Rent Like You Mean It is a series all about giving our rental spaces a new lease. We’ve rounded up a whole host of refreshing spruce-ups (and cover-ups), impactful DIYs (plus how to get them back to square one when you leave), and peeks at real-life rental transformations. Because a lease should never stop you from having a space that feels like yours—even if it’s only for a year.
I am passionate about making rentals feel just as decorated and designed as any owned home. I am constantly redecorating my apartment, asking my landlord if I can make updates, and generally (I think) improving the value of the place. By documenting much of this on social media, my hope is to instill some confidence in others that they, too, can make changes and updates to their spaces—without having to worry about getting their security deposits withheld.
Aside from the fear of a forfeited deposit, the other thing I hear quite frequently is: “But is it worth it?” And the answer is, resoundingly, yes! Anything that will make your space feel more true to you, more relaxing, more inspiring, or just easier to look at—it’s all worth it. Some people can’t justify the cost of peel-and-stick backsplash for an apartment they may be in for only two years, but for others with specific taste, the sight of Tuscan-style tiles and dark grout is enough to start every morning in a sour mood.
There are also so many updates that make your quality of rental life infinitely better, ones that will almost surely go unnoticed by your landlord upon moving out. Things like swapping out old doorknobs, removing years of paint from hinges, or re-caulking the tub are actually more likely to increase the value of your apartment once you leave, with the added bonus of making you feel content in your home before then.
For other “renovations” like painting doors, changing light fixtures, or getting custom blinds (or if you’re not confident in your un-making-over abilities), you should check with your landlord first. Chances are, they’ll be agreeable about any changes you’re passionate about making, and they might even come help you do them to ensure everything is done properly. In my experience, landlords have seen how meticulously I keep my apartment, and are happy to let me decorate and update as long as the home stays structurally intact.
All of the updates below are ones I’ve done myself, and aside from them actually being empowering to accomplish on your own, they’re all well within the scope of what you can do in your rental. And if you have any questions, drop them for me below in the comments!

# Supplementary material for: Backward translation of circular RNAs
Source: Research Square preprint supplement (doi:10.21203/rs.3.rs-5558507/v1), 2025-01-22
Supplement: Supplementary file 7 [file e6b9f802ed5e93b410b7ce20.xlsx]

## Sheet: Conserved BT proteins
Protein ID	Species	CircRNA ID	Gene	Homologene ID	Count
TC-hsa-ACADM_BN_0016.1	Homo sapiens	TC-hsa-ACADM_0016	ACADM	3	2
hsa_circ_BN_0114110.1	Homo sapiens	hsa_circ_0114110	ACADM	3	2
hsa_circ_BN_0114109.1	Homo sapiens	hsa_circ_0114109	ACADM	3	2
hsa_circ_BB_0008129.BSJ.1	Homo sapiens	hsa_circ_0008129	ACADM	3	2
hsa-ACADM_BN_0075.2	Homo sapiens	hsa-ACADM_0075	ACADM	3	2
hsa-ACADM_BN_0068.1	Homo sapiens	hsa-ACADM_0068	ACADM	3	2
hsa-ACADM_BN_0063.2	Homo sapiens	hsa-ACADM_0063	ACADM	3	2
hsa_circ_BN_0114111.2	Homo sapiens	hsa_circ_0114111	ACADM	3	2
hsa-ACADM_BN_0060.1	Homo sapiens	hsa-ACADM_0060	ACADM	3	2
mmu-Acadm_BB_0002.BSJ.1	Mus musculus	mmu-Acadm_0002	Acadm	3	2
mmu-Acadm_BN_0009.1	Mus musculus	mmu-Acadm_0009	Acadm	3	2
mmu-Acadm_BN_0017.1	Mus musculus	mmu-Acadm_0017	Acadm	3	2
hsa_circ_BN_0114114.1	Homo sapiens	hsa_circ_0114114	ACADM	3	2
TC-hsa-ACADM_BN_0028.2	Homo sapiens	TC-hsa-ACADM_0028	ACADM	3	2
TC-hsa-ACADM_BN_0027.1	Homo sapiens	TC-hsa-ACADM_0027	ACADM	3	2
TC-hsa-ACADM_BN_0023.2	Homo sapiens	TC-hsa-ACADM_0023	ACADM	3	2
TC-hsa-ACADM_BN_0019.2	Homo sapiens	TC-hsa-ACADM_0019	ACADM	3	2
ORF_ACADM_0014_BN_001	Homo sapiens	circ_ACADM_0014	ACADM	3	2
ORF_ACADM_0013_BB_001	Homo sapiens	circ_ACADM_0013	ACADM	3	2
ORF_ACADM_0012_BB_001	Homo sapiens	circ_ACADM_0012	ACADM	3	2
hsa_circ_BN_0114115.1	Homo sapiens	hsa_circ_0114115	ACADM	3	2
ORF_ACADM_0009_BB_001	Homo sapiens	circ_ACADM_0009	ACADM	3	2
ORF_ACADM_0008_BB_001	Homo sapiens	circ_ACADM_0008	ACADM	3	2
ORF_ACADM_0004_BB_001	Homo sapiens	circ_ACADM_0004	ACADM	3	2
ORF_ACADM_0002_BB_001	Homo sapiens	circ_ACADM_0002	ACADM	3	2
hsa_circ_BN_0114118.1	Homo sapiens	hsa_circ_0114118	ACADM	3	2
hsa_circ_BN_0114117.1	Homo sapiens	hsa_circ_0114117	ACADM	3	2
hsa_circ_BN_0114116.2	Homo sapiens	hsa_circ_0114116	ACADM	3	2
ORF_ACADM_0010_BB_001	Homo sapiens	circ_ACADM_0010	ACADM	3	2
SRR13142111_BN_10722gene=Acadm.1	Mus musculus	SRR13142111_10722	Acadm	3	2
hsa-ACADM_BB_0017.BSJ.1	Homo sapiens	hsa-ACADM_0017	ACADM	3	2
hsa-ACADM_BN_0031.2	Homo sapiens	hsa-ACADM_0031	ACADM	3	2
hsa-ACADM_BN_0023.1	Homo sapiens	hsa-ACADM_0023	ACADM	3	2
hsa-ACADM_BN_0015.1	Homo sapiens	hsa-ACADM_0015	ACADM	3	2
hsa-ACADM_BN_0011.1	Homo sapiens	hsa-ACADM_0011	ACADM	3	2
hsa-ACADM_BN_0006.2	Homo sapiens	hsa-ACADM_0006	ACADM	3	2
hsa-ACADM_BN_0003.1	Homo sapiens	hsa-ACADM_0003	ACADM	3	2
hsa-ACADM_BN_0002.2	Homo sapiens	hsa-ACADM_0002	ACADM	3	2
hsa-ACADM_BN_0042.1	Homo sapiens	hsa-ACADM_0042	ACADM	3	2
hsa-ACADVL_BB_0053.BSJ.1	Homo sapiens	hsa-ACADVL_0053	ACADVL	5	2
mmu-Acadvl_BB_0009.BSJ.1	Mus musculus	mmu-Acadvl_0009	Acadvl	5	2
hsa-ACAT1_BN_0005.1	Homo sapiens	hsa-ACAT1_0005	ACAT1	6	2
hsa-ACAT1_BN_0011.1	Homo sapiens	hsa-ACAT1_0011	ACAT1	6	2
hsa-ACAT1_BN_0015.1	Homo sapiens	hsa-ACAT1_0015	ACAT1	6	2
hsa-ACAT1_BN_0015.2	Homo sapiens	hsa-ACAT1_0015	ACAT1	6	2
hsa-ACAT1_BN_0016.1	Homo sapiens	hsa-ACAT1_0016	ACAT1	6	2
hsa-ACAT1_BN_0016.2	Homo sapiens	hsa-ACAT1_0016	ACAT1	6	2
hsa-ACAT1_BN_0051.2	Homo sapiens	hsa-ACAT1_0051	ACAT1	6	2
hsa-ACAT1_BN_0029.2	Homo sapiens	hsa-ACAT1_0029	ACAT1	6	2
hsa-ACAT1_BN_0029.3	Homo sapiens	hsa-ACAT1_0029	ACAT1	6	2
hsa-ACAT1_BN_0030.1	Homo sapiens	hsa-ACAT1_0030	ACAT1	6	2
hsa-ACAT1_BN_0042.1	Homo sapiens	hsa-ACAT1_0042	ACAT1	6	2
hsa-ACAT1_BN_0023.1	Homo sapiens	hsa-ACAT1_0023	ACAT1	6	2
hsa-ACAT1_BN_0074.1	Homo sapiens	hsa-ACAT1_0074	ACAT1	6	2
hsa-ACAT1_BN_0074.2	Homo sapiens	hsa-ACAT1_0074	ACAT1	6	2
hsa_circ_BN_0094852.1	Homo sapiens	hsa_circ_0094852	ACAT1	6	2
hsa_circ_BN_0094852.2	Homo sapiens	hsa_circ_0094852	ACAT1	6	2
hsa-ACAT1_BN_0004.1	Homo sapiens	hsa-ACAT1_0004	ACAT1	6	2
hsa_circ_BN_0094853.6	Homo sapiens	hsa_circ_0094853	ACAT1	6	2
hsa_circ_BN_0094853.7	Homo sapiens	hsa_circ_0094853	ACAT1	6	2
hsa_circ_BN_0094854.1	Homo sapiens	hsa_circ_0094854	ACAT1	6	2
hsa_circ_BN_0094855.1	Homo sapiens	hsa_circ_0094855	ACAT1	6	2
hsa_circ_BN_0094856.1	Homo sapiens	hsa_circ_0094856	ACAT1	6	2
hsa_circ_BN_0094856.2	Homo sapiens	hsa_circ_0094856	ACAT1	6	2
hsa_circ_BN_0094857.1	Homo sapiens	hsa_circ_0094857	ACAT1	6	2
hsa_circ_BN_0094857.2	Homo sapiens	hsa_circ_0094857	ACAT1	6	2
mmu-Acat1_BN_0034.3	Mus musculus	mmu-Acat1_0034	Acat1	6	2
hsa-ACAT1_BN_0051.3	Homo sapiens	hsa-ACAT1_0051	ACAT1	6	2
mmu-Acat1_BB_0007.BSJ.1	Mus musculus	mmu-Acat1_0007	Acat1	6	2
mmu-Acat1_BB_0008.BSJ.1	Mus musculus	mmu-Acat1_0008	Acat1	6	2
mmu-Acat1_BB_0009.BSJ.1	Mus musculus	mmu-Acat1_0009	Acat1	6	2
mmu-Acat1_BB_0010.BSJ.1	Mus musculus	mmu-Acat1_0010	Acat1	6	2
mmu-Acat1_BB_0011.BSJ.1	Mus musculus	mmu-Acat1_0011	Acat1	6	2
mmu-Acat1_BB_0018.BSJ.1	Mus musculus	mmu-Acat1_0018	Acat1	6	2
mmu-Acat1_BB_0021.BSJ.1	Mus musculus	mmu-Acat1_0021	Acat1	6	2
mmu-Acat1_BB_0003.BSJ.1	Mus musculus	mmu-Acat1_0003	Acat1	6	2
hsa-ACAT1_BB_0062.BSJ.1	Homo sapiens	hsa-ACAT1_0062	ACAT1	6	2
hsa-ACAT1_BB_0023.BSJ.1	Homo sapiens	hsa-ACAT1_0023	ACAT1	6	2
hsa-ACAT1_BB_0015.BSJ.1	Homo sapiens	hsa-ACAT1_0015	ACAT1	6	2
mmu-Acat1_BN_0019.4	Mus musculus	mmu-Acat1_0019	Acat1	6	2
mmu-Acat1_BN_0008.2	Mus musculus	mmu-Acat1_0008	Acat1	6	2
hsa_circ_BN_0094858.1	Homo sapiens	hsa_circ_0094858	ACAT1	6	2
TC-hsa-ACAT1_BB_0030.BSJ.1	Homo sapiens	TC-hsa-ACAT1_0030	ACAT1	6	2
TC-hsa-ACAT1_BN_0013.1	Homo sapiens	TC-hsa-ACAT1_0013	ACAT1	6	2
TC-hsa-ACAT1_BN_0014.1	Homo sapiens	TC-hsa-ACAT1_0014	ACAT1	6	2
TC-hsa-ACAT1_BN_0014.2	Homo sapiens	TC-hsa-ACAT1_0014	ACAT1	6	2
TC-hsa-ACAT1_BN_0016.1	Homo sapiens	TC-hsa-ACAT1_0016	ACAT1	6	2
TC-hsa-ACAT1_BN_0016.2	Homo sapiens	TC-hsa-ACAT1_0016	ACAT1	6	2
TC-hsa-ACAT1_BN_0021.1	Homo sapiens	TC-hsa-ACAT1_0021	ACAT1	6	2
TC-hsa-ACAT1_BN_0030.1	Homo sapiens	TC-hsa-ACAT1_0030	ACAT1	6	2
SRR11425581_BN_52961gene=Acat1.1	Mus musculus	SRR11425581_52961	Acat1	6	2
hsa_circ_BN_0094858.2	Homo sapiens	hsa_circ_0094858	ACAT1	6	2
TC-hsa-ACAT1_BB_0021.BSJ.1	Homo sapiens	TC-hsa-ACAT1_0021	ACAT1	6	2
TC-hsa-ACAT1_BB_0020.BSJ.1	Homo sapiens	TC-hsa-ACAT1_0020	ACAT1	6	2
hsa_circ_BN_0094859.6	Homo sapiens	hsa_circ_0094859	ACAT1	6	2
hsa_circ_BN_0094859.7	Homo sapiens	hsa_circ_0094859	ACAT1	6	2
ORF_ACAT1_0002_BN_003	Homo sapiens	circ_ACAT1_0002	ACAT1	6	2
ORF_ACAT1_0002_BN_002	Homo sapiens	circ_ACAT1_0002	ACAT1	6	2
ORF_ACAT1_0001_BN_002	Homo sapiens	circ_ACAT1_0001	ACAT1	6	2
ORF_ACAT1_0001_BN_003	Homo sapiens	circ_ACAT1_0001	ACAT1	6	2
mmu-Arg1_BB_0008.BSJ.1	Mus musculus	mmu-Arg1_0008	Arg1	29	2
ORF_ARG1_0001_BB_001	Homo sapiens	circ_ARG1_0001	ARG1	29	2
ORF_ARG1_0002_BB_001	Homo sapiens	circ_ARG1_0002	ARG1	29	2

1. Paint the Walls
Paint! Is! Reversible! Let that sink in for a minute. There’s pretty much always a way to paint back to where you started, and it’s rare that landlords say you absolutely cannot paint. Most often, they ask for it to be painted back to the original color before you leave, and sometimes they don’t even ask for this, because they’re often required to paint between tenants anyway. When I brought the idea of paint up to my landlord, she shrugged and said, “do whatever you want,” so paint I did! I also asked for the original paint color, so I ordered a quart for touch-ups in places where I’ve patched the wall, and I can easily order a gallon should she ask for it to be painted back before we leave.
2. Re-Route the Cable Wire
While we don’t have cable in my apartment, we certainly do need Wi-Fi, which requires a modem connected to the coaxial cable that comes in through the wall. But of course, the spot the previous renters chose to put their router and modem didn’t work with our configuration. I discovered that they had run the length of the cable throughout the living room and attached it with small pins, which then got painted over between tenants… so I got to work pulling it off the wall and around the trim, tying up the extra, and stashing that (along with the router and modem) strategically behind a chair. The entire cable is still intact (just in case the next tenant needs to put the router farther away), and I repainted in the places the cable used to be. Of course, if you’re in need of more cable or to snake it along the wall, you’re also definitely allowed to extend the cable and pin it to the wall.